On April 22, coinciding with Earth Day, the Faculty of Arts & Science’s School of the Environment is holding its annual Research Day: a showcase of work being conducted by the school’s faculty, graduate students and — new this year — undergraduate students.
The event will take place online and is free and open to the public. The schedule includes two keynote presentations as well as breakout rooms in which participants can listen to and interact with presenters.
“Research Day is a longstanding tradition at the school,” he says. “It’s a great showcase for the diverse research being conducted here — particularly student research.
“In our graduate collaborative program, PhD and masters students from all sorts of disciplines — united by their desire to attack key environmental issues — come and do a research project. Research Day is their chance to showcase that work.
“Plus, this year, we've expanded the event to include undergraduate research,” says Easterbrook. “We’ve always had undergraduate students work with our professors but we've never really had a way of showing off what they do — until this year.”
Hung examined the U of T’s Low Carbon Action Plan (LCAP) and the feasibility of augmenting the solar-generated energy outlined in the plan with battery energy storage systems. Because solar is an intermittent energy source and battery systems can store excess generated electricity and discharge it when needed, the systems have the potential to reduce the waste of surplus electricity generated when the sun is shining.
Day studies the ways that resource extraction and environmental decision making intersect with gender and violence in the ancestral and unceded territories of the Mi’kmaq and Wolastoqey nations. She will describe how, for a proposed mining project in New Brunswick, gender was considered in the environmental assessment process, and how the environmental assessment process implicated health, well-being and settler-Indigenous relations.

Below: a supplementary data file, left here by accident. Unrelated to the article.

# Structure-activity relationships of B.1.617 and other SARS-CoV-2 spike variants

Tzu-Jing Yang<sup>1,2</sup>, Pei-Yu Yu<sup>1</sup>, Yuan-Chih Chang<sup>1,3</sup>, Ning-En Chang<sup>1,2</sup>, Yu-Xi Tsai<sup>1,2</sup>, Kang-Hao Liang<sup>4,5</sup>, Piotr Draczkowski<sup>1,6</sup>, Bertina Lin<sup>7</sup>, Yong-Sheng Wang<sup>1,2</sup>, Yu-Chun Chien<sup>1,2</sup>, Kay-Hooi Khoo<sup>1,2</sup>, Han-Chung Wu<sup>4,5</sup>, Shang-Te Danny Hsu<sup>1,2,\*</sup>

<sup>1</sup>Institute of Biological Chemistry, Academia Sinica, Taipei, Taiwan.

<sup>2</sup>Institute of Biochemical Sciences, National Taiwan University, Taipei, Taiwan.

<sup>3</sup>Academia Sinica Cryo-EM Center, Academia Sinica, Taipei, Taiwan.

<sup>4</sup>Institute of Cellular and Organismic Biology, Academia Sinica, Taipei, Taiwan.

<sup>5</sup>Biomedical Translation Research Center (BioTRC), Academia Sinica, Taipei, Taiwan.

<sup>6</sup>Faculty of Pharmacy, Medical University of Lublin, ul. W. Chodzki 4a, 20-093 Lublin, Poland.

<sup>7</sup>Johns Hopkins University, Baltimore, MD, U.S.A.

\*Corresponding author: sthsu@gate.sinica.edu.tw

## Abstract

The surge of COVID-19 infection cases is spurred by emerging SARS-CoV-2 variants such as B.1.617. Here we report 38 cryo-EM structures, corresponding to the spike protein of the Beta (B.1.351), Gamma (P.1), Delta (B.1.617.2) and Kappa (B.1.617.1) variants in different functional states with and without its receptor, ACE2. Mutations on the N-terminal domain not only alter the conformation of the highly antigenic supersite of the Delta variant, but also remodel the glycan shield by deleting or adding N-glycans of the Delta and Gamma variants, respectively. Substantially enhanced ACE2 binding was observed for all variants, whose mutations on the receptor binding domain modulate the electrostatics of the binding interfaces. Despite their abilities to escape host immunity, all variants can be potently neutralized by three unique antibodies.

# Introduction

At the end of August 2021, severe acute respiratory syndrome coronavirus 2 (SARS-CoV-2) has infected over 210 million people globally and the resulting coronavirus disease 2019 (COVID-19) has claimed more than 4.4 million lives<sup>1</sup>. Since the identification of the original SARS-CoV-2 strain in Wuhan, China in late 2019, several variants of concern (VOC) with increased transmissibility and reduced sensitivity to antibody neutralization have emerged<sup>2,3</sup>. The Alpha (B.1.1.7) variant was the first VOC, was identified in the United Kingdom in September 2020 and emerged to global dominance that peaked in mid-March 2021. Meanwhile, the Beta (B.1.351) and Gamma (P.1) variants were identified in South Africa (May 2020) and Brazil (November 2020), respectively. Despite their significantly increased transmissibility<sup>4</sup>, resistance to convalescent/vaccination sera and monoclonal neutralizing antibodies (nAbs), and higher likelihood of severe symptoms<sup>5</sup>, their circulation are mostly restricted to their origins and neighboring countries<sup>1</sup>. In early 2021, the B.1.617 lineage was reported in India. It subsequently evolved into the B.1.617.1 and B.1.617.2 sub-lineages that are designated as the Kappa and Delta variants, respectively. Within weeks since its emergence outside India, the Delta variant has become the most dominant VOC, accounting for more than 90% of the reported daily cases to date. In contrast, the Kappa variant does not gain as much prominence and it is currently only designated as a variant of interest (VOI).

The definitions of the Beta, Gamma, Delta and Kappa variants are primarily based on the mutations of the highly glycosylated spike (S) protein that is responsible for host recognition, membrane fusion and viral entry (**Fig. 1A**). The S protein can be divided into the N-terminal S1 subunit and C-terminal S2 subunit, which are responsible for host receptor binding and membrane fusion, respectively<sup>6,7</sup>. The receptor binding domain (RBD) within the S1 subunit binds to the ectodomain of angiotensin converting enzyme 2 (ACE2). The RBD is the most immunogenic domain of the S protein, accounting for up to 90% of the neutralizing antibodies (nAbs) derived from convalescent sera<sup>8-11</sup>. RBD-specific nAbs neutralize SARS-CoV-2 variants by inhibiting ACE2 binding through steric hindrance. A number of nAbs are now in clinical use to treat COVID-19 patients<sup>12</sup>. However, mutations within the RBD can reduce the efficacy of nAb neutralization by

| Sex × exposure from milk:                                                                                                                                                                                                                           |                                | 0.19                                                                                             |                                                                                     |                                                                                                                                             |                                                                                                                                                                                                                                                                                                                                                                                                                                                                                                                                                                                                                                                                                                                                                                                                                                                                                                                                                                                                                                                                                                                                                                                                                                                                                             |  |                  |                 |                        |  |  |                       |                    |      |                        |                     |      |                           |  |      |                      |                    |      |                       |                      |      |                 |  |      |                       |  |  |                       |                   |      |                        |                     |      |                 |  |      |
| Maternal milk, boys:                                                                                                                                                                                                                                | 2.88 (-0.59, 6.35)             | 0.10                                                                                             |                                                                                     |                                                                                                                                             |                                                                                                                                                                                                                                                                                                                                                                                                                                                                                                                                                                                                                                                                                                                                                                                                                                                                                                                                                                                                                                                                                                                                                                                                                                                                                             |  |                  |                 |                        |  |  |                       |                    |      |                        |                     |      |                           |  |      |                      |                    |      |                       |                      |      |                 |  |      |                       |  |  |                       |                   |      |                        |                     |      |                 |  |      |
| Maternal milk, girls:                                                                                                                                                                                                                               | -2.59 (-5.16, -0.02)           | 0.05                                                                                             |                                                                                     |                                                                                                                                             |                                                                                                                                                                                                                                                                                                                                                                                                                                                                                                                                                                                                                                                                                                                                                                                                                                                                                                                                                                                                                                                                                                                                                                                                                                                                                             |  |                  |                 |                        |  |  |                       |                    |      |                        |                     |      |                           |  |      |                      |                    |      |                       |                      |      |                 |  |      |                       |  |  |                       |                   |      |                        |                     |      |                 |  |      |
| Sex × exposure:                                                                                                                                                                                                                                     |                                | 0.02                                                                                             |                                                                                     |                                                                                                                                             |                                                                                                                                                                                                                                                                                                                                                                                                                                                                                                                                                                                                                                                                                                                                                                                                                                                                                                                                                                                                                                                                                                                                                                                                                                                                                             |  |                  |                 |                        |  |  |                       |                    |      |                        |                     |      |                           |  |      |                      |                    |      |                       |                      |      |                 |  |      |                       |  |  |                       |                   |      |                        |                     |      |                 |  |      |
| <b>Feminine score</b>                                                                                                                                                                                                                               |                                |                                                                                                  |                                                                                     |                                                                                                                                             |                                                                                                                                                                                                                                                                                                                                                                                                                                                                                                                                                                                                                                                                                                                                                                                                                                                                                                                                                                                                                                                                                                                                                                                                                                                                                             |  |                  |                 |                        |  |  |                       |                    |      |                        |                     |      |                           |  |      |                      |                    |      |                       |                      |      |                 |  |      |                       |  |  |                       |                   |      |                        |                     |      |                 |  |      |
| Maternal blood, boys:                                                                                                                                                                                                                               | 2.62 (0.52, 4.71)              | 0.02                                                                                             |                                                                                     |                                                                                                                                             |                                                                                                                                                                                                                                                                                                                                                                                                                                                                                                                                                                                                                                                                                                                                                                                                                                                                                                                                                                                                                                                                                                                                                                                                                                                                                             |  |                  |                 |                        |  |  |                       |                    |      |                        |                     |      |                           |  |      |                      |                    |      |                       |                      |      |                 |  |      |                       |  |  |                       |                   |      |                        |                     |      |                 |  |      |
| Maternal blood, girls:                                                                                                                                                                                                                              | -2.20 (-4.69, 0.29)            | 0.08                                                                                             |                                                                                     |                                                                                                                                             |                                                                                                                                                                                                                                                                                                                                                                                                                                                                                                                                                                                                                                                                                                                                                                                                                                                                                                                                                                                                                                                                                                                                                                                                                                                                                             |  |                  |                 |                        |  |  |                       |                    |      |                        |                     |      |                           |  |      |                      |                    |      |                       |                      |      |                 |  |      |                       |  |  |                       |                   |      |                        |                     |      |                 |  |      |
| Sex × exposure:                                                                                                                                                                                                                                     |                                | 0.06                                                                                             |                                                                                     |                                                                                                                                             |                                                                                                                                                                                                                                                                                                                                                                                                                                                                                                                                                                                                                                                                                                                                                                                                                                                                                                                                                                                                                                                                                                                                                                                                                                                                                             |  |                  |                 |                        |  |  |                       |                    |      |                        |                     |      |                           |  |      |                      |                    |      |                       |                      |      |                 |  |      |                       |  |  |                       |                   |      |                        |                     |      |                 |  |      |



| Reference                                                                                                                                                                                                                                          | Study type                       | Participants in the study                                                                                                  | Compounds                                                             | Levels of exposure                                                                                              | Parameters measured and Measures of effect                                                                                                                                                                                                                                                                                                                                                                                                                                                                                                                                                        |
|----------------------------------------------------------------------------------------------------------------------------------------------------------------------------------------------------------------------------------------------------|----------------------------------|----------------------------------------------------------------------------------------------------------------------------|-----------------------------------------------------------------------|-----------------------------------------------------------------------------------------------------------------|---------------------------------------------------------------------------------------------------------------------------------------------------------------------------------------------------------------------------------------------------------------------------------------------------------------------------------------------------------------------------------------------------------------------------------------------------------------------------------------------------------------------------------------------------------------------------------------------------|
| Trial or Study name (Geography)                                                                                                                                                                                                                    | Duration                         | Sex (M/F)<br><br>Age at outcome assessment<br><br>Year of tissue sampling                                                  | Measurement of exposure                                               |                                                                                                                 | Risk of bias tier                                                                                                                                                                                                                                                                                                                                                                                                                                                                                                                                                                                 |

Attendees will also be able to hear about research conducted by faculty.
Njall Rollinson is an assistant professor in the school and the Department of Ecology & Evolutionary Biology. He will kick off the day with a keynote talk describing his research into cold-blooded amphibians and reptiles — like salamanders and snapping turtles — found in Algonquin Park. The research shows that these creatures are not responding to climate change as expected.
And Jessica Green, an associate professor in the school and the Department of Political Science will end the day with a talk titled The Existential Politics of Climate Change. Green’s research focus is on the politics of decarbonization, transnational private regulation, and the interactions between public and private regulation. She is the author of Rethinking Private Authority: Agents and Entrepreneurs in Global Environmental Governance.
Other research topics explored during the event reflect the diverse and interdisciplinary nature of the school, including:
The animal-industrial complex and the politics of resistance;
The accumulation of chemicals from the air in air-breathing organisms;
The dynamics of deforestation in areas undergoing shifting — or slash-and-burn — cultivation;
And a study of faith-based environmentalism delivered by faith leaders in Canada.
“I’m looking forward to this year’s event very much,” says Easterbrook. “Even before I became the school’s director, I would attend Research Day. I always enjoyed the diverse and thought-provoking talks — and I always learned a lot.”